Archive for the ‘oncology retractions’ Category
Cancer biologist Rakesh Kumar has chalked up another retraction, this time for “identical,” “duplicated,” and “replicated” figures and images.
It comes on the heels of a flurry of motions in Kumar’s $8 million lawsuit against his employer, George Washington University, for breach of contract and emotional distress because it removed him as department chair last year and placed his research on hold. Kumar remains employed by the university.
The retracted paper, published in Development in 2004, “Metastasis-associated protein 1 deregulation causes inappropriate mammary gland development and tumorigenesis,” analyzed the role of a protein, MTA1, in mammary gland development and cancer. It was published while Kumar was at M.D. Anderson in Houston, and has been cited 81 times, according to Thomson Scientific’s Web of Knowledge.
By our count, Kumar now has three retractions and five corrections. Numerous anonymous comments on Kumar’s papers have been posted on PubPeer, many of them critiquing images. Here’s the complete notice from Development: Read the rest of this entry »
Following an investigation into research misconduct, the Journal of Clinical Investigation has retracted a cancer genetics paper from a laboratory at the National Institutes of Health due to “data falsification and fabrication” of four figures and a table in the paper.
The paper, “FOXO3 programs tumor-associated DCs to become tolerogenic in human and murine prostate cancer,” describes an overexpressed gene in mouse prostate cancers that appears to suppress immune system cells.
The journal retracted the paper following an investigation into author Stephanie K. Watkins, then a postdoctoral fellow at the National Cancer Institute. According to a NIH press release released about the study in March 2011, the work “has led to the submission of a patent application by the NIH on behalf of Hurwitz and Watkins to target FOXO3 as a way to boost immune responses in cancer and to silence excessive immune responses in autoimmune diseases.” We found an NIH record of the patent application, but no record of an approved patent at the United States Patent and Trademark Office under either Hurwitz or Watkins’ names.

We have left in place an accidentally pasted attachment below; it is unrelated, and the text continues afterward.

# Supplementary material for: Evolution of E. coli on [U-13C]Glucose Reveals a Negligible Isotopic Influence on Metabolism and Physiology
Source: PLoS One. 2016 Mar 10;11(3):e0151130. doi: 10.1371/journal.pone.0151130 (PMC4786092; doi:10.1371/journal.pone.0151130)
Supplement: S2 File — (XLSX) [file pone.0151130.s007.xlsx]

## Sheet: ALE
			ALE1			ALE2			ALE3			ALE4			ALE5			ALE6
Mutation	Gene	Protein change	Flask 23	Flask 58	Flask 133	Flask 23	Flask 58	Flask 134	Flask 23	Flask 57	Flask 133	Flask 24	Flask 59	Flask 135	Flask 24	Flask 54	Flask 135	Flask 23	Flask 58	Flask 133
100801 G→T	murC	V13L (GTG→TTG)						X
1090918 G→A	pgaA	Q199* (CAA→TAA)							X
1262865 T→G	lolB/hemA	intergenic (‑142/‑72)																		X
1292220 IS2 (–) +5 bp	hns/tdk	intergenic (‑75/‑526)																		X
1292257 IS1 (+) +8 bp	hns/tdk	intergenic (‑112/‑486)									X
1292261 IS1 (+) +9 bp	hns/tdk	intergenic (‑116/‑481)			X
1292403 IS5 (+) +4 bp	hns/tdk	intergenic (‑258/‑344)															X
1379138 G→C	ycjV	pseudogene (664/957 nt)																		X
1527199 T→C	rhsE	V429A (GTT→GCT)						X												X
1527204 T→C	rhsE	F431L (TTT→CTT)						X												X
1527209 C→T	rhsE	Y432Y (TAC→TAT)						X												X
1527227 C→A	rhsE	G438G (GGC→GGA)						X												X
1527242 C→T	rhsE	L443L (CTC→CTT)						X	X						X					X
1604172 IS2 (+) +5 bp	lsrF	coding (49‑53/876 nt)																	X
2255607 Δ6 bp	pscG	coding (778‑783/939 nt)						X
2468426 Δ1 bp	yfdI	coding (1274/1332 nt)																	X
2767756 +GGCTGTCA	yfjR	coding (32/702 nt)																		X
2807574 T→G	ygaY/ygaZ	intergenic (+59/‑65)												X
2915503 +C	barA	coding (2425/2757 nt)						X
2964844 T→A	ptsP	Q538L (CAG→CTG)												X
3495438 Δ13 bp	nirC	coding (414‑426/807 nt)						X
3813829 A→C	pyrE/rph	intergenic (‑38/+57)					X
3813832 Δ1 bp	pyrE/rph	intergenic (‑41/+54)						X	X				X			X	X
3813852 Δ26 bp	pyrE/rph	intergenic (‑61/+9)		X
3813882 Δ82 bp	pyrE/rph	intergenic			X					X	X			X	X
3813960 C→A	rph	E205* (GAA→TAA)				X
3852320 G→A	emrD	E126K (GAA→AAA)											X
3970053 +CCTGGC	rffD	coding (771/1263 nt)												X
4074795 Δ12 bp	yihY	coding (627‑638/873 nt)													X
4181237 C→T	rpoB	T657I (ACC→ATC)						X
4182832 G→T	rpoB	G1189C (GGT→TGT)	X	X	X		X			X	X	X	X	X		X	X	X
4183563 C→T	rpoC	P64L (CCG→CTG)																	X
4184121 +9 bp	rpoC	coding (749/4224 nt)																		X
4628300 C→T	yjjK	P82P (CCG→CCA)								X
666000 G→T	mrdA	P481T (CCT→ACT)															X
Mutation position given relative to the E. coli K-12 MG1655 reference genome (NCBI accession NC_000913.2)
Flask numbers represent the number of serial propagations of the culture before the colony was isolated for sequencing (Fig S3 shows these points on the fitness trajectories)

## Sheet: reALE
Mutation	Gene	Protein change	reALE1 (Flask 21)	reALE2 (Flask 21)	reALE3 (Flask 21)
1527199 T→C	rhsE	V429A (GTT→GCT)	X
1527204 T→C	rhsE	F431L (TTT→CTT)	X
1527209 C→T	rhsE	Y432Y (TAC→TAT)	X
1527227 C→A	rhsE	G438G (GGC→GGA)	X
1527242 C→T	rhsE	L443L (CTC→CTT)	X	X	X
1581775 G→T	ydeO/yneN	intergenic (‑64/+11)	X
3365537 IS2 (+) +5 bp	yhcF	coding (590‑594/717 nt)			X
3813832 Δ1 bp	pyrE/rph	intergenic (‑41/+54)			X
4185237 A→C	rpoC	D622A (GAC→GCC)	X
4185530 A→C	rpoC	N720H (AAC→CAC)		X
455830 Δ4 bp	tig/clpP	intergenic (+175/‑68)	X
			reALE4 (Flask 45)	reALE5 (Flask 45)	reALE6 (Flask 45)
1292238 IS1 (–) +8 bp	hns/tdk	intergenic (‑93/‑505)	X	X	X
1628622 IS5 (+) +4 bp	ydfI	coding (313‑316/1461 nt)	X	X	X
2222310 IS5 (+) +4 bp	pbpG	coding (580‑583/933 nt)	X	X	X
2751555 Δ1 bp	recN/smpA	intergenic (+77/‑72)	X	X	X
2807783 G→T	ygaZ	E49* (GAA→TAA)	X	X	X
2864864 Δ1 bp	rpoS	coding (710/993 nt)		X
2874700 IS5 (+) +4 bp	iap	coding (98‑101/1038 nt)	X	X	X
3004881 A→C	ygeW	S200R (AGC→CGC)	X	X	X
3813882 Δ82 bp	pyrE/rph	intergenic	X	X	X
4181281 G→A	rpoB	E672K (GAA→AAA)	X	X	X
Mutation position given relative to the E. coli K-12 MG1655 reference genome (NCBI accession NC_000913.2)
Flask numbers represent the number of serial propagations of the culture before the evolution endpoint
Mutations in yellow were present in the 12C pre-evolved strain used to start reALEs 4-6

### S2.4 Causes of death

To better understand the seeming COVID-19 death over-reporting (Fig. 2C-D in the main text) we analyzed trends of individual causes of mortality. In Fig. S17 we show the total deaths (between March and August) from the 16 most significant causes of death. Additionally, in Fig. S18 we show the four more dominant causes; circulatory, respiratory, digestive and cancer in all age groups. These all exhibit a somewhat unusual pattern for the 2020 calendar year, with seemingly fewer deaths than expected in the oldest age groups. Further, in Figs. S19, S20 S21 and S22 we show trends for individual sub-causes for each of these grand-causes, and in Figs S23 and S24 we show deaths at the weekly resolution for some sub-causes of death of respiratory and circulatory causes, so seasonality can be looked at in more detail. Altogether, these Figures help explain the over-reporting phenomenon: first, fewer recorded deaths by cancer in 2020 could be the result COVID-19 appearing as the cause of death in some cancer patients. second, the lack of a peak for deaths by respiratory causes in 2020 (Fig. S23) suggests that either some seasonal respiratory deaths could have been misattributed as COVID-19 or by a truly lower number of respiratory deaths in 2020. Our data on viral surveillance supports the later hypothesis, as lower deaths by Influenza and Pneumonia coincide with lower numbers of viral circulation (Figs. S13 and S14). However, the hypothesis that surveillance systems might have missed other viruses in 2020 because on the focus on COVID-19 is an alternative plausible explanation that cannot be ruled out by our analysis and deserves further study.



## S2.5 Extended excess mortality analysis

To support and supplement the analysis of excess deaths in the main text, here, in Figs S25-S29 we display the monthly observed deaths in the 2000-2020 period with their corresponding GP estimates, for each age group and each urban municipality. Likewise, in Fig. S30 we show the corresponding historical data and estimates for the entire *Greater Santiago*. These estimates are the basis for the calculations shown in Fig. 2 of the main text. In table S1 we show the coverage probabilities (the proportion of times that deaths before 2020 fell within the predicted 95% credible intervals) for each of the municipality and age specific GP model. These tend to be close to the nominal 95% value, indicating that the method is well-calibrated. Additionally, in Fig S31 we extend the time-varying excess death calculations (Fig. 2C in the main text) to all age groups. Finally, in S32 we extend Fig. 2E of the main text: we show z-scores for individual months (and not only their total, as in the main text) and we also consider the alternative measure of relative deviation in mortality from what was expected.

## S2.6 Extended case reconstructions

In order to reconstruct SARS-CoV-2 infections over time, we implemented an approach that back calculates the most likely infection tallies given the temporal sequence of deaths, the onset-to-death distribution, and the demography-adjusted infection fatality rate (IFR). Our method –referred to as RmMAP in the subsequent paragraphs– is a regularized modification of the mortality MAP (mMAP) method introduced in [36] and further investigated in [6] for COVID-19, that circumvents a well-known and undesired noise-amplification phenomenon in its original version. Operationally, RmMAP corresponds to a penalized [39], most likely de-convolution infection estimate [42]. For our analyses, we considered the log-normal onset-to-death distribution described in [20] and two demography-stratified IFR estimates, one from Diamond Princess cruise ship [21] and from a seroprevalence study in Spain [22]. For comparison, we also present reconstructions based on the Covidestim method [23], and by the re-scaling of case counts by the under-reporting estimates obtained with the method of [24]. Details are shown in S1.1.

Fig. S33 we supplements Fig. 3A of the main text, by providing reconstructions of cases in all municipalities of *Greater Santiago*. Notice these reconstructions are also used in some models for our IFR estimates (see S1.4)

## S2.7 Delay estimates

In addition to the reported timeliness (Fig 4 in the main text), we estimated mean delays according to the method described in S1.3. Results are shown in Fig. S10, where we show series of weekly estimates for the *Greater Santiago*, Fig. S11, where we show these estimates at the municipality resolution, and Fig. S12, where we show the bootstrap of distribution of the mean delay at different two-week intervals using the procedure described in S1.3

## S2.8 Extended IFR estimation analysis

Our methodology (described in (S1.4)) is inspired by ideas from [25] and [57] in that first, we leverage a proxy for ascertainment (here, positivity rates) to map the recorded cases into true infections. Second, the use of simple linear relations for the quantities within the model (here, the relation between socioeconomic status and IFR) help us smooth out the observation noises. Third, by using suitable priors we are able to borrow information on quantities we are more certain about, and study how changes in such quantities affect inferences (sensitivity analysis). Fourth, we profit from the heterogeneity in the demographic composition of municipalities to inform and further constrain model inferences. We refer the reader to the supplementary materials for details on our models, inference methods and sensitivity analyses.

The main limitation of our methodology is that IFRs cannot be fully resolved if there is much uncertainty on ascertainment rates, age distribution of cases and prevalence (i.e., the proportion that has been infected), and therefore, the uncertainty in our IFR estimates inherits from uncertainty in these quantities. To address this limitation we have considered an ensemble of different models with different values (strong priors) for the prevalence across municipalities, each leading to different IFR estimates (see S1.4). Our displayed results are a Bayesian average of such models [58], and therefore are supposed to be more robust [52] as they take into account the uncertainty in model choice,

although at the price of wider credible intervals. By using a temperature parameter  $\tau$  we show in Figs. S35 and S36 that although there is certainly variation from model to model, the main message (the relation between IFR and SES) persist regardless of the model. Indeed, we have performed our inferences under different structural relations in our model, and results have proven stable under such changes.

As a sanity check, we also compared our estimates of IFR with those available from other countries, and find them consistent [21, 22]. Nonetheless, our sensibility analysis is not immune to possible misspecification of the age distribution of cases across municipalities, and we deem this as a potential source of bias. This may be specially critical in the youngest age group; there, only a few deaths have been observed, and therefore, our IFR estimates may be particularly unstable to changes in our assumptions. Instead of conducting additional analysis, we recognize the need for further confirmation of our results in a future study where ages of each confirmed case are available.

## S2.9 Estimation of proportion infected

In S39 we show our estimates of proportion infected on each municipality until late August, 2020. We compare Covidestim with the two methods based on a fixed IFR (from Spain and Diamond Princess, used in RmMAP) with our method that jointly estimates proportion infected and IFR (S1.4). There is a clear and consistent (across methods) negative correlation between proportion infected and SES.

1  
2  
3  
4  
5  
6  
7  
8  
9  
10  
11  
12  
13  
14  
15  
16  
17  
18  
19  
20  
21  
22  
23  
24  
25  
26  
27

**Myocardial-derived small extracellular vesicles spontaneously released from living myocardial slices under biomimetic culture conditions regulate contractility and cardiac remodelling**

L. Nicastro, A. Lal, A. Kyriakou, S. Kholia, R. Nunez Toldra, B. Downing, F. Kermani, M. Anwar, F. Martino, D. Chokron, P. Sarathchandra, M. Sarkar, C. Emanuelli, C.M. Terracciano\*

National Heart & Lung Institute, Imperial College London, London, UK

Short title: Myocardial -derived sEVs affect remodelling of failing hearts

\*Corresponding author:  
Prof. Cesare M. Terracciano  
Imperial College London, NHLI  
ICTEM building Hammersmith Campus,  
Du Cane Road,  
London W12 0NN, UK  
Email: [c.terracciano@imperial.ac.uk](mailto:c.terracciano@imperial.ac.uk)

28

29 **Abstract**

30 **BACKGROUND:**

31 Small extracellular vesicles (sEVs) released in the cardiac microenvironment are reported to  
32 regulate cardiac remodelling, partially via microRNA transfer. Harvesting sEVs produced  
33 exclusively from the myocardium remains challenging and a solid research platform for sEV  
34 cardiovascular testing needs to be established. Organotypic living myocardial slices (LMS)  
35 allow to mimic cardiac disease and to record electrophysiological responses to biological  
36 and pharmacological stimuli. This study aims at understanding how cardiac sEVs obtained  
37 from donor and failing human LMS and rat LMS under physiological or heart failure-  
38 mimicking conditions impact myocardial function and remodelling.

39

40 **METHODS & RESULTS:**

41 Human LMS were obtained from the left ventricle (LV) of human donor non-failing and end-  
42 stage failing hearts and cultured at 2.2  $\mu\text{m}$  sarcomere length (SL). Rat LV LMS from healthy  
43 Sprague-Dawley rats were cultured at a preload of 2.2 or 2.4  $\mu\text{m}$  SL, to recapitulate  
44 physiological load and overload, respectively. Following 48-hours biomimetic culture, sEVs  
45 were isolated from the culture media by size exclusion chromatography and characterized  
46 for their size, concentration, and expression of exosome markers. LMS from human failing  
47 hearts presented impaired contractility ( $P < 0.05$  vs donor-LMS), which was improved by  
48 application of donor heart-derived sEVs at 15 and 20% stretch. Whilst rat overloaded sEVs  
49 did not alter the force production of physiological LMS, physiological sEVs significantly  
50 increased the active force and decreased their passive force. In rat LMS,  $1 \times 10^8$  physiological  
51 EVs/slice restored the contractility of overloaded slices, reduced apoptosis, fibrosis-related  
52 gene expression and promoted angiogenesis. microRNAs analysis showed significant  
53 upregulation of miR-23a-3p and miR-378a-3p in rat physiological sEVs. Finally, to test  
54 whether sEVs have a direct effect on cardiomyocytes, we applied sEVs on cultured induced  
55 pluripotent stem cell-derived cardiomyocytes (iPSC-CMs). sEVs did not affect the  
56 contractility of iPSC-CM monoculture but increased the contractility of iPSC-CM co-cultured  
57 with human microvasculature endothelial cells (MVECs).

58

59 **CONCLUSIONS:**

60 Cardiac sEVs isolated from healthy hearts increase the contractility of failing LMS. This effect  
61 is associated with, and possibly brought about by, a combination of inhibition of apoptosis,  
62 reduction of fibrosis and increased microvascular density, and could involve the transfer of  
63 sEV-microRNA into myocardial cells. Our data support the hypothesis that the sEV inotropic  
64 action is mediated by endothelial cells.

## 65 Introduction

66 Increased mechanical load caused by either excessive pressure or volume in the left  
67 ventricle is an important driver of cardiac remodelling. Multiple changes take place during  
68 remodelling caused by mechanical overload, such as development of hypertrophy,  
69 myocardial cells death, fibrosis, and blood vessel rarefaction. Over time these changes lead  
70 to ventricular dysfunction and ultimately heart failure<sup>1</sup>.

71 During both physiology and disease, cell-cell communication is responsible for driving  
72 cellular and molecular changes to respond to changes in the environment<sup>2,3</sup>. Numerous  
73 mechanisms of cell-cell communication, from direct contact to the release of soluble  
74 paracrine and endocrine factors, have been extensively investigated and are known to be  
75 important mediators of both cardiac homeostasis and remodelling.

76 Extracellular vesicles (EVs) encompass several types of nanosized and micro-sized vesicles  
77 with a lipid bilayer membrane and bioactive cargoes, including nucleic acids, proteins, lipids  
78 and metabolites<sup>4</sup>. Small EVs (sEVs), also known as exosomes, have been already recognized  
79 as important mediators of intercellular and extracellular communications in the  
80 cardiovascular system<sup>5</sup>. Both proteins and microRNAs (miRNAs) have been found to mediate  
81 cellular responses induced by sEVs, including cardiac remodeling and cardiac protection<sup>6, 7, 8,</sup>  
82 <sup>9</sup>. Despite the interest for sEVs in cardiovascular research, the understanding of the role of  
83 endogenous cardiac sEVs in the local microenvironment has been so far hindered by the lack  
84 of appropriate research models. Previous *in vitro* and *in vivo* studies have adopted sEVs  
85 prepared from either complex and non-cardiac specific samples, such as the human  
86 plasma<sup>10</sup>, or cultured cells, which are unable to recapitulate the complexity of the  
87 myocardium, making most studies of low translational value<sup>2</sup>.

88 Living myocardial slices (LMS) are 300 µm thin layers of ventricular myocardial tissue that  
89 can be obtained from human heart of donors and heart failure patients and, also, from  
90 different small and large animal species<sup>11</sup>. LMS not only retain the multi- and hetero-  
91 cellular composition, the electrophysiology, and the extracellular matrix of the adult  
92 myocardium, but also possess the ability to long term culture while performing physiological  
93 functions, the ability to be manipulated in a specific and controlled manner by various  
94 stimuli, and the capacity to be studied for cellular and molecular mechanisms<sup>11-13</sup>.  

Earlier this year, we reported on the retraction of a paper because of sloppy work by an outside lab. Now, we have the story of a retraction for “negligence” by a translator. Specifically, the author says the passages shared between the retracted 2015 vascular paper and another paper in EMBO Journal are a result of “negligence on the part of the translation company that I trusted to make my manuscript ready for submission.”
The corresponding author of a 2014 paper in the Indian Journal of Medical and Paediatric Oncology has retracted the article because he was a bit too generous with his list of coauthors.
The article, “Outcome of neoadjuvant chemotherapy in locally advanced breast cancer: A tertiary care centre experience,” reviewed medical records from a local population of breast cancer patients treated with chemotherapy. It came from a group at the Post Graduate Institute of Medical Education and Research, in Chandigarh. The first author was Tapesh Bhattacharyya, followed by four other names.